Many lawyers have some type of ownership/equity interest in or with the clients they serve. Others serve on local nonprofit boards within their community. All do so usually without completely understanding how these outside interests and relationships affect their professional liability insurance coverage.
Most lawyers professional liability policies exclude coverage for those professional services that lawyers provide to clients where the lawyer has an ownership interest in or with that client. Some policies go so far as to include ownership interests of the lawyer’s spouse! Common examples that I have seen on lawyer applications are: ownership in title agencies, real estate, and small businesses of all kinds.
LPL Polices also exclude the acts of the lawyer when acting as a director, officer or board member of entities, including nonprofits. Lawyers are often asked to sit on boards because they ARE Lawyers and are tapped for their knowledge of the law during board meetings. It is very difficult for the lawyer and the board to distinguish when the lawyer is acting as a board member and when and if the lawyer is acting in the capacity of a lawyer and lawyer client relationship. It is easy for the lawyer to get caught in a situation where the board believes he/she provided legal advice however the lawyer believes that he/she provided that advice as a member of the board. In the event that “advice” leads to a bad outcome for the board and eventually ends in a malpractice claim, the lawyer could be without coverage!
Before accepting board positions or investing with or in clients, all lawyers should ask how this relationship will impact the professional liability insurance from both a coverage and cost standpoint.
When insureds report a claim to their carrier, the expectation is the claim will be covered and their assets and reputation be protected. While this happens the majority of the time, there are situations when the worst occurs and the claim is denied coverage. There are several reasons insurance carriers decline coverage on reported professional liability claims. One of the reasons claims are denied is due to the late reporting of the claim. Although late reporting is a cause for claim denial, it can be avoided by the insured.
Professional liability insurance policies require that all claims be reported in the policy period that the insured first becomes aware of the claim. This is also true for potential claims. Most carriers have wording in the policy that states the insured needs to report those incidents that the insured could reasonably foresee the incident may lead to claim. Failure to report these potential claims may lead to a denial in coverage.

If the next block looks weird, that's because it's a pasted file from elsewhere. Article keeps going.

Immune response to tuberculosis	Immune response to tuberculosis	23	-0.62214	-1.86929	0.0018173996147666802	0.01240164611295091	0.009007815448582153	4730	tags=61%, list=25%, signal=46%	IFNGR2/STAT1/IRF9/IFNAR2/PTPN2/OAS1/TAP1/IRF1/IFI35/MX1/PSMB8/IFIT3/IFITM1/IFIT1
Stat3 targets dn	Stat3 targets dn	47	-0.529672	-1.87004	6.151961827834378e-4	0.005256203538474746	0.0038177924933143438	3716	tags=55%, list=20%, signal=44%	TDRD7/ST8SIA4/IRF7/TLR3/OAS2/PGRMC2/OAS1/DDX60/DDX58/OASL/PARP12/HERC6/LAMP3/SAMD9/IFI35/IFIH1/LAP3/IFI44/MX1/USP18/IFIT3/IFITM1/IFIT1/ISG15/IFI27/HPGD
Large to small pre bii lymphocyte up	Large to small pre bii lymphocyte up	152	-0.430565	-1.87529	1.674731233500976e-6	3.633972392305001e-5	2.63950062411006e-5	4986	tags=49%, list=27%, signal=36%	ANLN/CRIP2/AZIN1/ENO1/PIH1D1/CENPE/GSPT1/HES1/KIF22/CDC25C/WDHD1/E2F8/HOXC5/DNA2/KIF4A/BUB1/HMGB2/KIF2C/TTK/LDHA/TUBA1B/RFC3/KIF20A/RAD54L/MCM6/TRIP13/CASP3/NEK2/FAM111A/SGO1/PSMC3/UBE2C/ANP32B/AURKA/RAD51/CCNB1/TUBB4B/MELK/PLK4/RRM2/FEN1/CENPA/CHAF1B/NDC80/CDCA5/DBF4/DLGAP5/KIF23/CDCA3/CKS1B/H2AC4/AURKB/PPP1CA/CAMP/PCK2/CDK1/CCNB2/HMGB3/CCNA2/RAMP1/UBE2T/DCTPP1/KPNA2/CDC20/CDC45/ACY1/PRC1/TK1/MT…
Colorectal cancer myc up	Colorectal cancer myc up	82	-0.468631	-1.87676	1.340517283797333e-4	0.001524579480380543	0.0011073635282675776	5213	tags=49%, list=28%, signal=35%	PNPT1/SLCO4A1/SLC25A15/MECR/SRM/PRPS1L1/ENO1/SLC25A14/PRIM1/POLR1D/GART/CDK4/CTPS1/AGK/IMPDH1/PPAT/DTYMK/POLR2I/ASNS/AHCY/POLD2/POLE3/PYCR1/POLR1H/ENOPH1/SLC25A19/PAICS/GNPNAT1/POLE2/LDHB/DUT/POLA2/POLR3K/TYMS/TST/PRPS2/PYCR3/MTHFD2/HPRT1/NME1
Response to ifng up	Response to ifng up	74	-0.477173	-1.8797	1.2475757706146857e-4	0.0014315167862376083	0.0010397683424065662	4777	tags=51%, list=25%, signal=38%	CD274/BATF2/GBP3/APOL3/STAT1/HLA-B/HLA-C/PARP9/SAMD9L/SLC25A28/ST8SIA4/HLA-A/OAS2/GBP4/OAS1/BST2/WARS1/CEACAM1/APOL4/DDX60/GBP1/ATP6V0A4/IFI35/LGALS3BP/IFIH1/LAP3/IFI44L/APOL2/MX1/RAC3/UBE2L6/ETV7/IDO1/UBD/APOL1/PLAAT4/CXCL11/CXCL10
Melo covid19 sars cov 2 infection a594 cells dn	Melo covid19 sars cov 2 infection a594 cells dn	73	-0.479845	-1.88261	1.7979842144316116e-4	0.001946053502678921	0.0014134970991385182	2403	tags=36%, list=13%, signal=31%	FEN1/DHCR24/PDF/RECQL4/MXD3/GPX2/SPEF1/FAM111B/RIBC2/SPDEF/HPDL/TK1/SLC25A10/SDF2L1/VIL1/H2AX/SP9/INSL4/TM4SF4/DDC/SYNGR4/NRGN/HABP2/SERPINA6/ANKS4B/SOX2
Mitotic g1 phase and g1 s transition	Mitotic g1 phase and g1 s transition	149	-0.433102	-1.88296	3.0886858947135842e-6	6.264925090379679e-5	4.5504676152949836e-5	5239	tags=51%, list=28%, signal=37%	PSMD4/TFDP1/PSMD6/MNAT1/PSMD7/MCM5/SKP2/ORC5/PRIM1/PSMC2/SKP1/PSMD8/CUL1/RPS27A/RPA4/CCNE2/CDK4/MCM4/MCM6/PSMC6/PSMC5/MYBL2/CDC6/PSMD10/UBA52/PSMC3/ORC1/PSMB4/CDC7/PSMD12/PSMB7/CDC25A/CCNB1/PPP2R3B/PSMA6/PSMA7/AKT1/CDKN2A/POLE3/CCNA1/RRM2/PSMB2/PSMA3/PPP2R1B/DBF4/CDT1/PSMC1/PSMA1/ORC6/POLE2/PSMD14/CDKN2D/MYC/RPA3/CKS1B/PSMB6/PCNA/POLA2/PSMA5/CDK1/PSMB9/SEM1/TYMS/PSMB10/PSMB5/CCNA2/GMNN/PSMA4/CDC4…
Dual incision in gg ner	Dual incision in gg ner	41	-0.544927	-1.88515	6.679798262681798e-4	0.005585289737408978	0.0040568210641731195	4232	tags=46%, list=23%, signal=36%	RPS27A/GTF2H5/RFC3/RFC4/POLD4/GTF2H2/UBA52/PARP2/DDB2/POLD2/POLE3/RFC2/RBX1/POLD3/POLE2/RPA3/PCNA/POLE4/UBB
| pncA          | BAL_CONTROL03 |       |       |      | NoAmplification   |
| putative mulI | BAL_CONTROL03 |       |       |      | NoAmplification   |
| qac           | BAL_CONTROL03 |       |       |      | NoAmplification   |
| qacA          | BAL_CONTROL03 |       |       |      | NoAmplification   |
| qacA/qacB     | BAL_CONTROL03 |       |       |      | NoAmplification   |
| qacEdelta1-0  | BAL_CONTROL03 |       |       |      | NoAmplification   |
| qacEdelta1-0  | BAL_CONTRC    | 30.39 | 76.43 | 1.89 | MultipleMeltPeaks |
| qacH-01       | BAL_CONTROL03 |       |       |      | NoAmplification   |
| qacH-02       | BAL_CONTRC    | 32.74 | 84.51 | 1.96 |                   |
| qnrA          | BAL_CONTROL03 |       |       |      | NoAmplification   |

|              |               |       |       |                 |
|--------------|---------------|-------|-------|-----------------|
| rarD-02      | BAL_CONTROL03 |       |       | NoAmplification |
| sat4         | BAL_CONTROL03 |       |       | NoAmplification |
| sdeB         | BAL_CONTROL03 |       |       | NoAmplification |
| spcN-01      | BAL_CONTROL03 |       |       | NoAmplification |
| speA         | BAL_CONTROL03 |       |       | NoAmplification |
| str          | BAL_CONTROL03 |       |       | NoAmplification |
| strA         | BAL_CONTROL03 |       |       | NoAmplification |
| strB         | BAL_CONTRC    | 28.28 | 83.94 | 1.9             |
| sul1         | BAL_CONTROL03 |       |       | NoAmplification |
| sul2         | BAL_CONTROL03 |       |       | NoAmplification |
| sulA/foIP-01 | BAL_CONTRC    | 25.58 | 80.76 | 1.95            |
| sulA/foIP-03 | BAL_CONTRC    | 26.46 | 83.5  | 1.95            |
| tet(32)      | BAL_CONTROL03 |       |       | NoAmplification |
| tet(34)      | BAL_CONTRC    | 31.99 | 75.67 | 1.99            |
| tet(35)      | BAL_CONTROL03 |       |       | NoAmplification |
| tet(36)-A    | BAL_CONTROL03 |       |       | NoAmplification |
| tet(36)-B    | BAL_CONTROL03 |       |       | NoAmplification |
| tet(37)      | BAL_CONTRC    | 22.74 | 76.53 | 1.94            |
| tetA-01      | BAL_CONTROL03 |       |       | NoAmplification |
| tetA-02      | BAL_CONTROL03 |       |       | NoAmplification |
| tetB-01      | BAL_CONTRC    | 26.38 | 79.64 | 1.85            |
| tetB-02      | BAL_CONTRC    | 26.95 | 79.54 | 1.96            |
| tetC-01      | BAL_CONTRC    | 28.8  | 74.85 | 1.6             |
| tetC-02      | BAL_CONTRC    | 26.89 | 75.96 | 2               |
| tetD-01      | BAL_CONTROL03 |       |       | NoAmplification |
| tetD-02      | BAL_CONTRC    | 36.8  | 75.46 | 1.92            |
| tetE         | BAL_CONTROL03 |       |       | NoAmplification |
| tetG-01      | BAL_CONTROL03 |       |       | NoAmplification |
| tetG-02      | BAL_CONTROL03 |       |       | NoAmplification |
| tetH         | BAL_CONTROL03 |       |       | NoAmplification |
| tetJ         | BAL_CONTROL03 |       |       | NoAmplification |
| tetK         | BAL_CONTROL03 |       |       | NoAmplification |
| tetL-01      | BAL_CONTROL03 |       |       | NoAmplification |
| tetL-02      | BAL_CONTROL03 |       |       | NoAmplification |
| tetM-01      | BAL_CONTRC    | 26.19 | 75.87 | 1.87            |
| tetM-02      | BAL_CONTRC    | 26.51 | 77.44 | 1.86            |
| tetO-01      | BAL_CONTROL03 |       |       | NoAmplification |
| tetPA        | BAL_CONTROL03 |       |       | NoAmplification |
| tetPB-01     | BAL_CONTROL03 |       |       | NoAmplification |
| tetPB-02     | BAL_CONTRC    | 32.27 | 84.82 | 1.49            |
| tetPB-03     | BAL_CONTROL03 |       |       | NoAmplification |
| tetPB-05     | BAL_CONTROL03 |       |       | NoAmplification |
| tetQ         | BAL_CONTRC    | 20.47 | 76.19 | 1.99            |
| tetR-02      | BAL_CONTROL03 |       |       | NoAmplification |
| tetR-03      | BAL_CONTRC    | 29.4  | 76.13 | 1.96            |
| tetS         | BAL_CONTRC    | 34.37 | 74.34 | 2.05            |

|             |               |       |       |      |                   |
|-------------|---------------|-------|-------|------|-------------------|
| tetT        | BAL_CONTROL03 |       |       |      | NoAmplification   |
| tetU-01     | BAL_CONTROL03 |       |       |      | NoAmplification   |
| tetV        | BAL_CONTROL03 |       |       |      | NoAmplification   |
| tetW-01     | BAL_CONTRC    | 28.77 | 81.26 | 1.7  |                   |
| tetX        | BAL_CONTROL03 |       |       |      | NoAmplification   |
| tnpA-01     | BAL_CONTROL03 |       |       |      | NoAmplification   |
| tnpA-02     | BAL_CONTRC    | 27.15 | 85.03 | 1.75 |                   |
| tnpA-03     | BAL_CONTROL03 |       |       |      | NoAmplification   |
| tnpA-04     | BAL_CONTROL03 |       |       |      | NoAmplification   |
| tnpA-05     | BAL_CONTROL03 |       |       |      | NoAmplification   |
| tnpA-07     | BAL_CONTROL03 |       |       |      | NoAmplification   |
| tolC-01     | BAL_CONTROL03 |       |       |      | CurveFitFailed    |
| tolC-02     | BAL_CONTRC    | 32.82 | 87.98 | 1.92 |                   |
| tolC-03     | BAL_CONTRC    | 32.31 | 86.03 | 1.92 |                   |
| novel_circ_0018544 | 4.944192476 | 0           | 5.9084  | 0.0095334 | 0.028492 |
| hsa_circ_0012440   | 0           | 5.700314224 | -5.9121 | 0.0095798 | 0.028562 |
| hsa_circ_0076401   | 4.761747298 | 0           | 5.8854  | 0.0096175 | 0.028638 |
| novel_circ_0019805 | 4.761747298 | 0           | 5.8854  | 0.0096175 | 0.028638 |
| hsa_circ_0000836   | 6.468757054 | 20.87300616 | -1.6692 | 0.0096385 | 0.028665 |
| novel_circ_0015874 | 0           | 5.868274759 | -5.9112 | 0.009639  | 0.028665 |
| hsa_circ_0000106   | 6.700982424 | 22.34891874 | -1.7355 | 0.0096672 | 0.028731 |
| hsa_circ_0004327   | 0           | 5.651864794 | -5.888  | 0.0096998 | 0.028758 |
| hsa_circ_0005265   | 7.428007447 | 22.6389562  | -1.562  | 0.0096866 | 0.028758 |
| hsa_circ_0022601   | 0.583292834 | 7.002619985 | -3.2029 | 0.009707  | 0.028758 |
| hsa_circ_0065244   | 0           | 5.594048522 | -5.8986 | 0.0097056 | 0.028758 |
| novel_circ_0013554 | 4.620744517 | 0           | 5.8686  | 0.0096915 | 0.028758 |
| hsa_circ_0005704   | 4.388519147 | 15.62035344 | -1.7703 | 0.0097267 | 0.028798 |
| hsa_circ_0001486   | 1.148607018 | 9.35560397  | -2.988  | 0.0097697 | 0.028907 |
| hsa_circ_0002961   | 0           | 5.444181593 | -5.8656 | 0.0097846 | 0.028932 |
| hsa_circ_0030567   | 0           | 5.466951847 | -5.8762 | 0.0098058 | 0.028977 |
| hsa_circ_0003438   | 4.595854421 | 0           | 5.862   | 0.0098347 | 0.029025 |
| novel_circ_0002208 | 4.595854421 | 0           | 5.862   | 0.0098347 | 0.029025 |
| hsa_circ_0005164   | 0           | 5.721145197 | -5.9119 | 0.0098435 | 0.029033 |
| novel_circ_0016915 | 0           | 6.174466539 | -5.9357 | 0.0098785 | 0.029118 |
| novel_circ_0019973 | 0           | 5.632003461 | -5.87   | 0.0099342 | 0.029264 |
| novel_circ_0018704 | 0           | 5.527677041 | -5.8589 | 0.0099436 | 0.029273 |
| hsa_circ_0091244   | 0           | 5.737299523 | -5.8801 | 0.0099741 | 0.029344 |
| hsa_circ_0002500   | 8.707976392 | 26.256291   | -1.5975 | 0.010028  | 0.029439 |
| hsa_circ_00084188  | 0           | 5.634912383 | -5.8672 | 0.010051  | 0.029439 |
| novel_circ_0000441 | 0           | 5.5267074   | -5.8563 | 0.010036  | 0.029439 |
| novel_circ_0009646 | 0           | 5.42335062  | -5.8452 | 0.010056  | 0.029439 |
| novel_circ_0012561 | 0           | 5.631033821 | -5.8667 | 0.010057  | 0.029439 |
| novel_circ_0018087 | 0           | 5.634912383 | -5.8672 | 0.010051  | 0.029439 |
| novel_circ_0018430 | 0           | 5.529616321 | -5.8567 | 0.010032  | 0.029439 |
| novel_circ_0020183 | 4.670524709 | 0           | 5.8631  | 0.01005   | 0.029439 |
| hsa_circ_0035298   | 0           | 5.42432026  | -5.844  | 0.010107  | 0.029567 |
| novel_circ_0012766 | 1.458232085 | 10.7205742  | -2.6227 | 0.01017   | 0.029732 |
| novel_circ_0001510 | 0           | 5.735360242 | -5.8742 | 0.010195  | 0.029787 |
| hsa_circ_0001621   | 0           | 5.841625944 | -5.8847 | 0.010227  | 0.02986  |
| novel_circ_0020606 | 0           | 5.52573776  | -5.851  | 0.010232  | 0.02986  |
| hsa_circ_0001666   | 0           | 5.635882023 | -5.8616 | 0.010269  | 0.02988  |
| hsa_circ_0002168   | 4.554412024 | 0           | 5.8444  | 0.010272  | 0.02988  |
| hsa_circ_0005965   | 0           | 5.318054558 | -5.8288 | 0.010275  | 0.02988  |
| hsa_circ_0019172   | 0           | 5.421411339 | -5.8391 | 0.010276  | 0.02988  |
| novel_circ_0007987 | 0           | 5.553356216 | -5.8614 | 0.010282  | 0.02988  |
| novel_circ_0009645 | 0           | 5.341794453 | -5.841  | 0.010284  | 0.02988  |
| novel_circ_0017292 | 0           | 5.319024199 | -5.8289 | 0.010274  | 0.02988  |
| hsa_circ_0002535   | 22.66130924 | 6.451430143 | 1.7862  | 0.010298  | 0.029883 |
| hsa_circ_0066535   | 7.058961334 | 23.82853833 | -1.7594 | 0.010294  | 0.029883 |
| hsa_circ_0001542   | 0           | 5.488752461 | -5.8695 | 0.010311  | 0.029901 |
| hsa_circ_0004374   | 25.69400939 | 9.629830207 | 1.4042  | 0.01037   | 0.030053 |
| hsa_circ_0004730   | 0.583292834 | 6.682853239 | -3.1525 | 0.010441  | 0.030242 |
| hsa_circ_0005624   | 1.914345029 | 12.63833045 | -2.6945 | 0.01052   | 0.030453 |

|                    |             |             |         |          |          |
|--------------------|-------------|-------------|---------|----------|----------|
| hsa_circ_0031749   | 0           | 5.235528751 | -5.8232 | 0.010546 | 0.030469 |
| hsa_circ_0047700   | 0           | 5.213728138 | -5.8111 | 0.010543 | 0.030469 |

It sounds easy and it should be easy for the firm to report claims and potential claims as soon as they are aware of them. Unfortunately, it is never easy. No firm wants to “think” they made a mistake or a client is unhappy with their services. In addition, some insureds think that the mere reporting of a claim or potential claim will increase their insurance premium, so the claim goes unreported. Not true. The mere reporting of a single claim or potential claim does not necessarily increase your premium.
Bottom line…you pay a lot of money to secure the policy, don’t jeopardize the coverage when you need it most. Report issues early. Perhaps the tips below will help you make sure your claim or potential claim is reported in a timely fashion:
- Meet monthly with your staff/lawyers to review the “tough” cases.
- Encourage your staff/lawyers to bring problem cases to your attention. Don’t punish.
- At renewal time, ask all lawyers in the firm to answer the potential claim and claim question on the renewal application. Have them sign and date it.
- Most carriers now have a claim hot line or help line that is available to insureds. Use it.
- Make sure that your staff/lawyers know how the insurance policy works and that claims and potential claims need to be reported immediately or they risk losing coverage. Identify a point “claims person.” Have all claims and potential claims directed to that person for review and reporting.
Don’t give informal legal advice to friends or family.
Don’t give informal legal advice to friends or family. It can be tempting at a party or family event, but it could be harmful to both yourself and the receiver of the advice. Your advice, given casually, may be less well thought-out than usual, or not backed by needed research. Also, you could be creating a conflicts issue for yourself by giving advice to a person who has not been through a conflicts of interest check first.